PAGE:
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Trusteeship Magazine

Fiduciary Duties and ESG Investing

By Susan N. Gary
November/December
2015

ESG investing is an investment strategy that combines material environmental, social, and governance (ESG) factors with traditional financial information. These factors represent risks and opportunities that may have financial effects on a company’s performance but may not be reflected in the usual market data. An investor using an ESG strategy seeks to improve stock selection by expanding the information considered while investing in a sustainable and responsible manner.

Board members may wonder whether the institution’s investment policy can or should include a direction to engage in ESG investing. Some board members may be interested in ESG investing as a way to improve returns on a risk-adjusted basis, some as a more appropriate way to respond to calls for divestment of oil and gas stocks, others as a way to align the institution’s investment strategy with its mission, and still others may want to focus the investment strategy on long-term benefits.

Board members re-examining an institution’s investment policy should consider their fiduciary duties of loyalty (to act in the institution’s best interests and not for the benefit of someone or something else) and of care or prudence (to care for and manage the institution’s assets). A board member should act as a prudent investor with respect to the institution’s investment assets, taking into consideration general economic conditions, the college or university’s long-term and short-term needs for the assets, and the university’s purposes.

In the past, fiduciaries were cautioned against engaging in “socially responsible investing” (SRI) because of an assumption that it would result in a financial cost to the portfolio. Early SRI used negative screens, and modern portfolio theory, with its emphasis on diversification, assumed a cost if a negative screen caused a sector to be removed from a portfolio. In recent years, numerous financial studies, including several meta-studies, have provided performance data comparing SRI funds with non-SRI funds (funds unconstrained by SRI factors). Studies have found that SRI funds have performed as well as or better than non-SRI funds. ESG investing has been found to be more likely to result in better-than-benchmark returns than screening strategies. Studies have also shown that companies with high ratings in corporate social responsibility and ESG factors have a lower cost of capital than companies with lower ratings.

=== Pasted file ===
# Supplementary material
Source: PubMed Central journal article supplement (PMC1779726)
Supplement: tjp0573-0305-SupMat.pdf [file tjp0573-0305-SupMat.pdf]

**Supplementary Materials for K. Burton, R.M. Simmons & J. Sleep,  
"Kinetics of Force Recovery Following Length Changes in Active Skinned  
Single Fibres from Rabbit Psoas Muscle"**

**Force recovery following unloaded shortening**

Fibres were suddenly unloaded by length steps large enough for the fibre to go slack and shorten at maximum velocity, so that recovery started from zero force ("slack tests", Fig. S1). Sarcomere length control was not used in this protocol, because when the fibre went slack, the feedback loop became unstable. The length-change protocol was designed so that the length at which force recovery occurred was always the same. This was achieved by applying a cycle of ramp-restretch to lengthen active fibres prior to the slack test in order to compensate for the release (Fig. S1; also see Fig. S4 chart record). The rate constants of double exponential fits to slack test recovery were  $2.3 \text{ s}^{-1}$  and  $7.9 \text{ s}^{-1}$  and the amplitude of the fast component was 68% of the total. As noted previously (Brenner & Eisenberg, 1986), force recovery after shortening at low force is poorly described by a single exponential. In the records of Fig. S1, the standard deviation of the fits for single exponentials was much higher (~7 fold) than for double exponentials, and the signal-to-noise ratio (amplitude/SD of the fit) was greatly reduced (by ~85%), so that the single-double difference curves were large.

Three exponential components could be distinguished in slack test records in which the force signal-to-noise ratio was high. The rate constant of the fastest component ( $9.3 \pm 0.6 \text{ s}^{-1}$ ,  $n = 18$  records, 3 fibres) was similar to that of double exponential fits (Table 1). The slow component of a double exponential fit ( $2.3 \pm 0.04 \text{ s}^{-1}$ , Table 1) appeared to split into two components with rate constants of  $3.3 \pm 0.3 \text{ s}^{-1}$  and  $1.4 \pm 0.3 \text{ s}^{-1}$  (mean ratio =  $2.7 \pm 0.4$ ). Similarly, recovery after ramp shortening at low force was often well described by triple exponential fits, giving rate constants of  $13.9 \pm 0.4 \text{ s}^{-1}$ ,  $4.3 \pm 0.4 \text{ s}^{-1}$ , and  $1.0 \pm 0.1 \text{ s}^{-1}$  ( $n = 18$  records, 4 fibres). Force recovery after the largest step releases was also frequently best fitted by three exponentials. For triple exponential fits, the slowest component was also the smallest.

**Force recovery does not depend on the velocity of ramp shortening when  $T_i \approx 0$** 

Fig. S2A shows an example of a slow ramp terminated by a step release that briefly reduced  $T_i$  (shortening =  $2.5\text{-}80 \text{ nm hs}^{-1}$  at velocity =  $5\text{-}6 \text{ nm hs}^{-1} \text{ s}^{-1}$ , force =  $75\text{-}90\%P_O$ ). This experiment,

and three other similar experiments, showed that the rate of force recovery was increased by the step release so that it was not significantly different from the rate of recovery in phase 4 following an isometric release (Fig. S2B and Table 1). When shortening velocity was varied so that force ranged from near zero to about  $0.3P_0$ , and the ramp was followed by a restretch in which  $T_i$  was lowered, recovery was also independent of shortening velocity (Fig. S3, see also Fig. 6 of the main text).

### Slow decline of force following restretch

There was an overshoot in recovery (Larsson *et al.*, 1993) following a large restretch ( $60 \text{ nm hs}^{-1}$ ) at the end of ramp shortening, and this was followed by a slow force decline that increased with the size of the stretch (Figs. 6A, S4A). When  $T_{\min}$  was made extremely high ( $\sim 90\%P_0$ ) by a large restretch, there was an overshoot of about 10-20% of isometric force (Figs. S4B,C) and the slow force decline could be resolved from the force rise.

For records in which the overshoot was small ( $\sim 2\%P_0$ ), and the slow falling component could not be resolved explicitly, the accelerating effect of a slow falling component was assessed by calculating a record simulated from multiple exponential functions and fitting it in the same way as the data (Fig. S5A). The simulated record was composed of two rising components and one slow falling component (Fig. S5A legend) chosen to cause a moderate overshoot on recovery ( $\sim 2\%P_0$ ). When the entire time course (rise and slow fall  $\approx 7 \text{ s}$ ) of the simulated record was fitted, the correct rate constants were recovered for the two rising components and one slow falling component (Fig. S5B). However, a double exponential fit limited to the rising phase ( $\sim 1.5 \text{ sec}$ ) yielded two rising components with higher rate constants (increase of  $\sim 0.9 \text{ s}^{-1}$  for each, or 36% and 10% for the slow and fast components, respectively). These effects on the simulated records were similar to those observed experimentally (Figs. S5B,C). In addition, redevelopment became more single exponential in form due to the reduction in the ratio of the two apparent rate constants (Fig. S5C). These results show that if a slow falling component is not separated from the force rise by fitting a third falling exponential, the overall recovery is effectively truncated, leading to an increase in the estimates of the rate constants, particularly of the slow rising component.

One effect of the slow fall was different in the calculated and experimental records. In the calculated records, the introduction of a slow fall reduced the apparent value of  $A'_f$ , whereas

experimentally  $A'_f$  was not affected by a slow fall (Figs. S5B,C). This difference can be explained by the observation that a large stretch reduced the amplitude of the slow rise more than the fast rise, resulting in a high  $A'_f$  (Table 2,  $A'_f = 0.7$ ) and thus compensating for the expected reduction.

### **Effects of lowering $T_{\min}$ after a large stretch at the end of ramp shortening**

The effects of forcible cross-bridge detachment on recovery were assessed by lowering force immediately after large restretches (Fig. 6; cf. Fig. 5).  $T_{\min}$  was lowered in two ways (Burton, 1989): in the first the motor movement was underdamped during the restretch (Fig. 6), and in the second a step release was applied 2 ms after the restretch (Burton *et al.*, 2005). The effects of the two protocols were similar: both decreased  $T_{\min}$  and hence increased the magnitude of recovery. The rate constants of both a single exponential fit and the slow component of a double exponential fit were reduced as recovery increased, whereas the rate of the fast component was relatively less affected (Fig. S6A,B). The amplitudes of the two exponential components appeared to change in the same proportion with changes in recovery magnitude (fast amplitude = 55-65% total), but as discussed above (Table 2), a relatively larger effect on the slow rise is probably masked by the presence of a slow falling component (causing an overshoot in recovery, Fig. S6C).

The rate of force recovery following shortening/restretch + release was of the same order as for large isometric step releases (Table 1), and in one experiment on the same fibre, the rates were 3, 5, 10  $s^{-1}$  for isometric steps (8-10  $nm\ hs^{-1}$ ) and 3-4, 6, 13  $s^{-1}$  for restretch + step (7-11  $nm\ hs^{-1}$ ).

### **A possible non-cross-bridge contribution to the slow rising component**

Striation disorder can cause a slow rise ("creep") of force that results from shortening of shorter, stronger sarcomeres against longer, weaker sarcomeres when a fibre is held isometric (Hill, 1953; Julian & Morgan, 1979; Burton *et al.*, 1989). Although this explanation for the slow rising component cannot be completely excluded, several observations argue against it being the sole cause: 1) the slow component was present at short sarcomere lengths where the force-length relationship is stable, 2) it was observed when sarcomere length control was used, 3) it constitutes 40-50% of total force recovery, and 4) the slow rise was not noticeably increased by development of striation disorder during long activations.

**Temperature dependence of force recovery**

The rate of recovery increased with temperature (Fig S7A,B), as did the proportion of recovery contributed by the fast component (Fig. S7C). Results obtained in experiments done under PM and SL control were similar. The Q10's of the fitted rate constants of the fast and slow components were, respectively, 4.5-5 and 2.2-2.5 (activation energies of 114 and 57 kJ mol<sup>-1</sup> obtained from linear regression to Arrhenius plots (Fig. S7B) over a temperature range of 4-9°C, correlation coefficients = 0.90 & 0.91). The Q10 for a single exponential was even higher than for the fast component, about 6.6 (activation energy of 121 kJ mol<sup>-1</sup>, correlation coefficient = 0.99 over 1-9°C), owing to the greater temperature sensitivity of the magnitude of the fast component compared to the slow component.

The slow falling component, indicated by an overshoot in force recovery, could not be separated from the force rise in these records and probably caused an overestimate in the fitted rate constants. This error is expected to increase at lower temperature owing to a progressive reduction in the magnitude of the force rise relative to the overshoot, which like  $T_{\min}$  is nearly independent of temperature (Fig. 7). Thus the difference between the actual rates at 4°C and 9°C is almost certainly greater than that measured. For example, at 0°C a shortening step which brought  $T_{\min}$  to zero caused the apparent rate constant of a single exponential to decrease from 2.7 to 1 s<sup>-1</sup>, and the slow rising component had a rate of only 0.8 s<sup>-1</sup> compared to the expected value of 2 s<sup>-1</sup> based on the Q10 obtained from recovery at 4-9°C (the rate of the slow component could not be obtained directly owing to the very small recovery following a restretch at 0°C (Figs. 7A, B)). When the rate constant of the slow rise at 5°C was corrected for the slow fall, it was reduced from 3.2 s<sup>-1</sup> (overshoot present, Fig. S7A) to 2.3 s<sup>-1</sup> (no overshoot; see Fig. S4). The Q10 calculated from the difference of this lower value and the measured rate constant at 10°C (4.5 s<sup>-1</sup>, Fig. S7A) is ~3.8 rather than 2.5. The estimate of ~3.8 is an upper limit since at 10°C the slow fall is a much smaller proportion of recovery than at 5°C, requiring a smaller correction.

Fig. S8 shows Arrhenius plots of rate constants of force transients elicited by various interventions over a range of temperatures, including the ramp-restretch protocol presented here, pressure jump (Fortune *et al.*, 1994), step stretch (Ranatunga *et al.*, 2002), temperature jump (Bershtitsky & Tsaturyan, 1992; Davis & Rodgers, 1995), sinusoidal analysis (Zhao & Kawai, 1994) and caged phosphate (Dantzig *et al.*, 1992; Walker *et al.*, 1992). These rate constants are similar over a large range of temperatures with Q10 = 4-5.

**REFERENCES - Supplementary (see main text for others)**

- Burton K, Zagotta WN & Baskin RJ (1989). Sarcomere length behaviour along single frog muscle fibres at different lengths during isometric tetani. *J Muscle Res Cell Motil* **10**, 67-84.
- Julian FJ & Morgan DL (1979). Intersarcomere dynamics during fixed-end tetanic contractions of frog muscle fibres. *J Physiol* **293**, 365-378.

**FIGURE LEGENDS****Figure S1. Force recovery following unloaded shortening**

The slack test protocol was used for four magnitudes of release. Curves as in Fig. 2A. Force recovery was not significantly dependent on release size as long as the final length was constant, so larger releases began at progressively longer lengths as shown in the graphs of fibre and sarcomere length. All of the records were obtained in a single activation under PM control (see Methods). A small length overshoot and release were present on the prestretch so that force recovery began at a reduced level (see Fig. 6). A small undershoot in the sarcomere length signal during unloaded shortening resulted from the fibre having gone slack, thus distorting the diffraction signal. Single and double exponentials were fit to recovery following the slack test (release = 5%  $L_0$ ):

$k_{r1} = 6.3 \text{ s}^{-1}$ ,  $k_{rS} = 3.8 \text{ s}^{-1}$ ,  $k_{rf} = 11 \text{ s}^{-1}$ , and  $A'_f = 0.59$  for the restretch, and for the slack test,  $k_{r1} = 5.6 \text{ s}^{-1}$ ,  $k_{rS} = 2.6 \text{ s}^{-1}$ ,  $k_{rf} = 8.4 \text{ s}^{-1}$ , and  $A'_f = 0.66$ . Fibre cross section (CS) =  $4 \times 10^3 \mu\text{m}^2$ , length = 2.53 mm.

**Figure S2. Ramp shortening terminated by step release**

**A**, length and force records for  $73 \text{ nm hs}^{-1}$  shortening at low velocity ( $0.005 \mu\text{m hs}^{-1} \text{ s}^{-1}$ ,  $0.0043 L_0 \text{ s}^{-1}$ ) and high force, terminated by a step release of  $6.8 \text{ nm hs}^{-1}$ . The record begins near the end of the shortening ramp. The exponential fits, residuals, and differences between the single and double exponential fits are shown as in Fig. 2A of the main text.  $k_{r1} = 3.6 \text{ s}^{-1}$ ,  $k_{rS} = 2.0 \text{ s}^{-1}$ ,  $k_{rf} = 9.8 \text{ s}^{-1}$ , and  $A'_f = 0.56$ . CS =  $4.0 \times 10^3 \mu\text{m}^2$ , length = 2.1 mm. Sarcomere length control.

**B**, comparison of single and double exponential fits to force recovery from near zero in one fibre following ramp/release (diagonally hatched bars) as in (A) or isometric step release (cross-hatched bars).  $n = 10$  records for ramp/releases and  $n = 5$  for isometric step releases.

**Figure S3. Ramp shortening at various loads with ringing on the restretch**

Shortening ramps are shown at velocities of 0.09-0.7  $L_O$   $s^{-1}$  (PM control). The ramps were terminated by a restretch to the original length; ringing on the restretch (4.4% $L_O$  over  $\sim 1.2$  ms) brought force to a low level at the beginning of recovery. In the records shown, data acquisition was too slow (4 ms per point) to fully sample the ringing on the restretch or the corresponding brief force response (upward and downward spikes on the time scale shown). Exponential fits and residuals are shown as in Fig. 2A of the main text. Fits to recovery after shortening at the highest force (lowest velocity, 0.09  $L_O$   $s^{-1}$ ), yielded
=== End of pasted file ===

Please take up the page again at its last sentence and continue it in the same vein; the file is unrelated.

The prudent investor standard serves as the primary fiduciary guide for investment decision making. It evolved from a conservative, risk-averse standard in the 19th century to a standard that embraced modern portfolio theory in the mid-20th century. Now in the 21st century, with data that show that ESG investing does not necessitate a cost to the portfolio, the prudent investor standard has evolved to encompass ESG investing.

Actual performance of a portfolio depends on a variety of factors, including the skill of the manager and economic conditions that favor one sector of the market during a particular time period. Although ESG investing may improve a fund’s performance, and evidence of improved performance through the use of ESG factors exists, a determination that ESG investing will improve returns is not necessary for ESG investing to be considered within the scope of what a prudent investor can do. Many analysts in the financial sector already use ESG factors as part of their process, and because prudence is in some respects an industry norm, it is useful to know that the sector now gives ESG investing serious consideration.

A board member managing a college or university endowment must act as a prudent investor, and prudent investors can consider adopting an investment strategy that takes into account material ESG factors as well as traditional financial metrics. Indeed, given a recent Supreme Court decision—Tibble v. Edison International, that holds that fiduciaries have an ongoing duty to monitor investments—fiduciaries should review their investment policies and consider whether changes are appropriate.

Attend the Responsible Investing Roundtable at AGB’s Foundation Leadership Forum, January 24-26, 2016, in Los Angeles. www.agb.org/Forum.

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